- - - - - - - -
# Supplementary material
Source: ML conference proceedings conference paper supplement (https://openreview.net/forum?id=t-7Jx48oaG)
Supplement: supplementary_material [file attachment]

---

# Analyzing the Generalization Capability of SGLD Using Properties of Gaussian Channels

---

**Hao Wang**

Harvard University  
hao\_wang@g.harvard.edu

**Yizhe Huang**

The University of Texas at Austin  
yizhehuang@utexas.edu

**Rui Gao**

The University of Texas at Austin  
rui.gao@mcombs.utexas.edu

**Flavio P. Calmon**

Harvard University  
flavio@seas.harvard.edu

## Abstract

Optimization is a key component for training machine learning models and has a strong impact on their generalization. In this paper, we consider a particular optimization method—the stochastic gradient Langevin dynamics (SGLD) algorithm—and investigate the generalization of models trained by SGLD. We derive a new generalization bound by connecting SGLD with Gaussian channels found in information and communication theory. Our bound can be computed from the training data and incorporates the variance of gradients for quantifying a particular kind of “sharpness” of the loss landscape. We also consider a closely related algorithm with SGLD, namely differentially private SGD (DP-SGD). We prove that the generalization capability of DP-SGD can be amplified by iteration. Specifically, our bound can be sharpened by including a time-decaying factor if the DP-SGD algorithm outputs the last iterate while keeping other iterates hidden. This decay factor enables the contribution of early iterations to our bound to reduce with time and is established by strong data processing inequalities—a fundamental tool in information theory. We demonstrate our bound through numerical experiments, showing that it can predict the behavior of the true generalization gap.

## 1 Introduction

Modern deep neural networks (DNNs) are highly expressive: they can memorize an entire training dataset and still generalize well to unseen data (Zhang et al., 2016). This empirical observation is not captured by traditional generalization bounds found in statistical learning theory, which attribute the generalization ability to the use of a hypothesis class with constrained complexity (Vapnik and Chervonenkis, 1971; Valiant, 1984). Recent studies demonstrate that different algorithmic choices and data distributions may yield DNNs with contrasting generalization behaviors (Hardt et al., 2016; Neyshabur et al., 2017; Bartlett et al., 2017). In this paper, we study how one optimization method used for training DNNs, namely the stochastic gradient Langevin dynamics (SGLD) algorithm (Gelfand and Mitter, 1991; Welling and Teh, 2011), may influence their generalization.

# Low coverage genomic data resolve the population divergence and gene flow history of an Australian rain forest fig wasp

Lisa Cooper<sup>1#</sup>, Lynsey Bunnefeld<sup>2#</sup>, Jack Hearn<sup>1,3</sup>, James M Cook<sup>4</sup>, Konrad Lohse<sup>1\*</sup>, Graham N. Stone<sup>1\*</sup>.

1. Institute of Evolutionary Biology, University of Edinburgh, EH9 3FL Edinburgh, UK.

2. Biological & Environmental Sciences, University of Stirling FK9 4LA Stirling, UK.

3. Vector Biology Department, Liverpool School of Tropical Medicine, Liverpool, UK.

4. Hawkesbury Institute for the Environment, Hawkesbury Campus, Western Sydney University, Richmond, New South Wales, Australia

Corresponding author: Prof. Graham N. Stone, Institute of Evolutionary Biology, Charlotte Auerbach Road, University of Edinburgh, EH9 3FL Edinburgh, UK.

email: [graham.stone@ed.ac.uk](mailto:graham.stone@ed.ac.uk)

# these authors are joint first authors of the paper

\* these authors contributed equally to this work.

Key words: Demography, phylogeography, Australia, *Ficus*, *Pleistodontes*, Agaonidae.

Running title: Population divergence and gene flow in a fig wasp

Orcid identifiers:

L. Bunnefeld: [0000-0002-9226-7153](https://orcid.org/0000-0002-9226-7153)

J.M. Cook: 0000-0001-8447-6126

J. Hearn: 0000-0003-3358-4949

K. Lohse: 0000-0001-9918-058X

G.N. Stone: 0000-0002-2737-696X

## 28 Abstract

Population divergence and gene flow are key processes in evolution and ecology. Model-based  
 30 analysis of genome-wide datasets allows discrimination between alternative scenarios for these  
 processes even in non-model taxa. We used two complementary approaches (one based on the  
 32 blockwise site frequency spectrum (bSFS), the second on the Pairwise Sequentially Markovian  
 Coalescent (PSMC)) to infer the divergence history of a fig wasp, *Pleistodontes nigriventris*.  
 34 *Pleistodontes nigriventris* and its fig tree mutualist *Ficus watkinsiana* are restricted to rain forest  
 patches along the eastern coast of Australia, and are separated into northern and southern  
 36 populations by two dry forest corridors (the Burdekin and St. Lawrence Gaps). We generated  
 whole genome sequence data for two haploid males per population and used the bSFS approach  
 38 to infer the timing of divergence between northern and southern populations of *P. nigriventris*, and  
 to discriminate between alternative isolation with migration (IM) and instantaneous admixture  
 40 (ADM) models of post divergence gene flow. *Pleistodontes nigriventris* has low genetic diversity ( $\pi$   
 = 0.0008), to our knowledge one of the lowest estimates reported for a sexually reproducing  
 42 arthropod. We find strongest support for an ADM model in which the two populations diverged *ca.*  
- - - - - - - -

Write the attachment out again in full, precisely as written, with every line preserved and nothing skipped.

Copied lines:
# Supplementary material
Source: ML conference proceedings conference paper supplement (https://openreview.net/forum?id=t-7Jx48oaG)
Supplement: supplementary_material [file attachment]

---

# Analyzing the Generalization Capability of SGLD Using Properties of Gaussian Channels

---

**Hao Wang**

Harvard University  
hao\_wang@g.harvard.edu

**Yizhe Huang**

The University of Texas at Austin  
yizhehuang@utexas.edu

**Rui Gao**

The University of Texas at Austin  
rui.gao@mcombs.utexas.edu

**Flavio P. Calmon**

Harvard University  
flavio@seas.harvard.edu

## Abstract

Optimization is a key component for training machine learning models and has a strong impact on their generalization. In this paper, we consider a particular optimization method—the stochastic gradient Langevin dynamics (SGLD) algorithm—and investigate the generalization of models trained by SGLD. We derive a new generalization bound by connecting SGLD with Gaussian channels found in information and communication theory. Our bound can be computed from the training data and incorporates the variance of gradients for quantifying a particular kind of “sharpness” of the loss landscape. We also consider a closely related algorithm with SGLD, namely differentially private SGD (DP-SGD). We prove that the generalization capability of DP-SGD can be amplified by iteration. Specifically, our bound can be sharpened by including a time-decaying factor if the DP-SGD algorithm outputs the last iterate while keeping other iterates hidden. This decay factor enables the contribution of early iterations to our bound to reduce with time and is established by strong data processing inequalities—a fundamental tool in information theory. We demonstrate our bound through numerical experiments, showing that it can predict the behavior of the true generalization gap.

## 1 Introduction

Modern deep neural networks (DNNs) are highly expressive: they can memorize an entire training dataset and still generalize well to unseen data (Zhang et al., 2016). This empirical observation is not captured by traditional generalization bounds found in statistical learning theory, which attribute the generalization ability to the use of a hypothesis class with constrained complexity (Vapnik and Chervonenkis, 1971; Valiant, 1984). Recent studies demonstrate that different algorithmic choices and data distributions may yield DNNs with contrasting generalization behaviors (Hardt et al., 2016; Neyshabur et al., 2017; Bartlett et al., 2017). In this paper, we study how one optimization method used for training DNNs, namely the stochastic gradient Langevin dynamics (SGLD) algorithm (Gelfand and Mitter, 1991; Welling and Teh, 2011), may influence their generalization.

# Low coverage genomic data resolve the population divergence and gene flow history of an Australian rain forest fig wasp

Lisa Cooper<sup>1#</sup>, Lynsey Bunnefeld<sup>2#</sup>, Jack Hearn<sup>1,3</sup>, James M Cook<sup>4</sup>, Konrad Lohse<sup>1\*</sup>, Graham N. Stone<sup>1\*</sup>.

1. Institute of Evolutionary Biology, University of Edinburgh, EH9 3FL Edinburgh, UK.

2. Biological & Environmental Sciences, University of Stirling FK9 4LA Stirling, UK.

3. Vector Biology Department, Liverpool School of Tropical Medicine, Liverpool, UK.

4. Hawkesbury Institute for the Environment, Hawkesbury Campus, Western Sydney University, Richmond, New South Wales, Australia

Corresponding author: Prof. Graham N. Stone, Institute of Evolutionary Biology, Charlotte Auerbach Road, University of Edinburgh, EH9 3FL Edinburgh, UK.

email: [graham.stone@ed.ac.uk](mailto:graham.stone@ed.ac.uk)

# these authors are joint first authors of the paper

\* these authors contributed equally to this work.

Key words: Demography, phylogeography, Australia, *Ficus*, *Pleistodontes*, Agaonidae.

Running title: Population divergence and gene flow in a fig wasp

Orcid identifiers:

L. Bunnefeld: [0000-0002-9226-7153](https://orcid.org/0000-0002-9226-7153)

J.M. Cook: 0000-0001-8447-6126

J. Hearn: 0000-0003-3358-4949

K. Lohse: 0000-0001-9918-058X

G.N. Stone: 0000-0002-2737-696X

## 28 Abstract

Population divergence and gene flow are key processes in evolution and ecology. Model-based  
 30 analysis of genome-wide datasets allows discrimination between alternative scenarios for these  
 processes even in non-model taxa. We used two complementary approaches (one based on the  
 32 blockwise site frequency spectrum (bSFS), the second on the Pairwise Sequentially Markovian  
 Coalescent (PSMC)) to infer the divergence history of a fig wasp, *Pleistodontes nigriventris*.  
 34 *Pleistodontes nigriventris* and its fig tree mutualist *Ficus watkinsiana* are restricted to rain forest  
 patches along the eastern coast of Australia, and are separated into northern and southern  
 36 populations by two dry forest corridors (the Burdekin and St. Lawrence Gaps). We generated  
 whole genome sequence data for two haploid males per population and used the bSFS approach  
 38 to infer the timing of divergence between northern and southern populations of *P. nigriventris*, and  
 to discriminate between alternative isolation with migration (IM) and instantaneous admixture  
 40 (ADM) models of post divergence gene flow. *Pleistodontes nigriventris* has low genetic diversity ( $\pi$   
 = 0.0008), to our knowledge one of the lowest estimates reported for a sexually reproducing  
 42 arthropod. We find strongest support for an ADM model in which the two populations diverged *ca.*  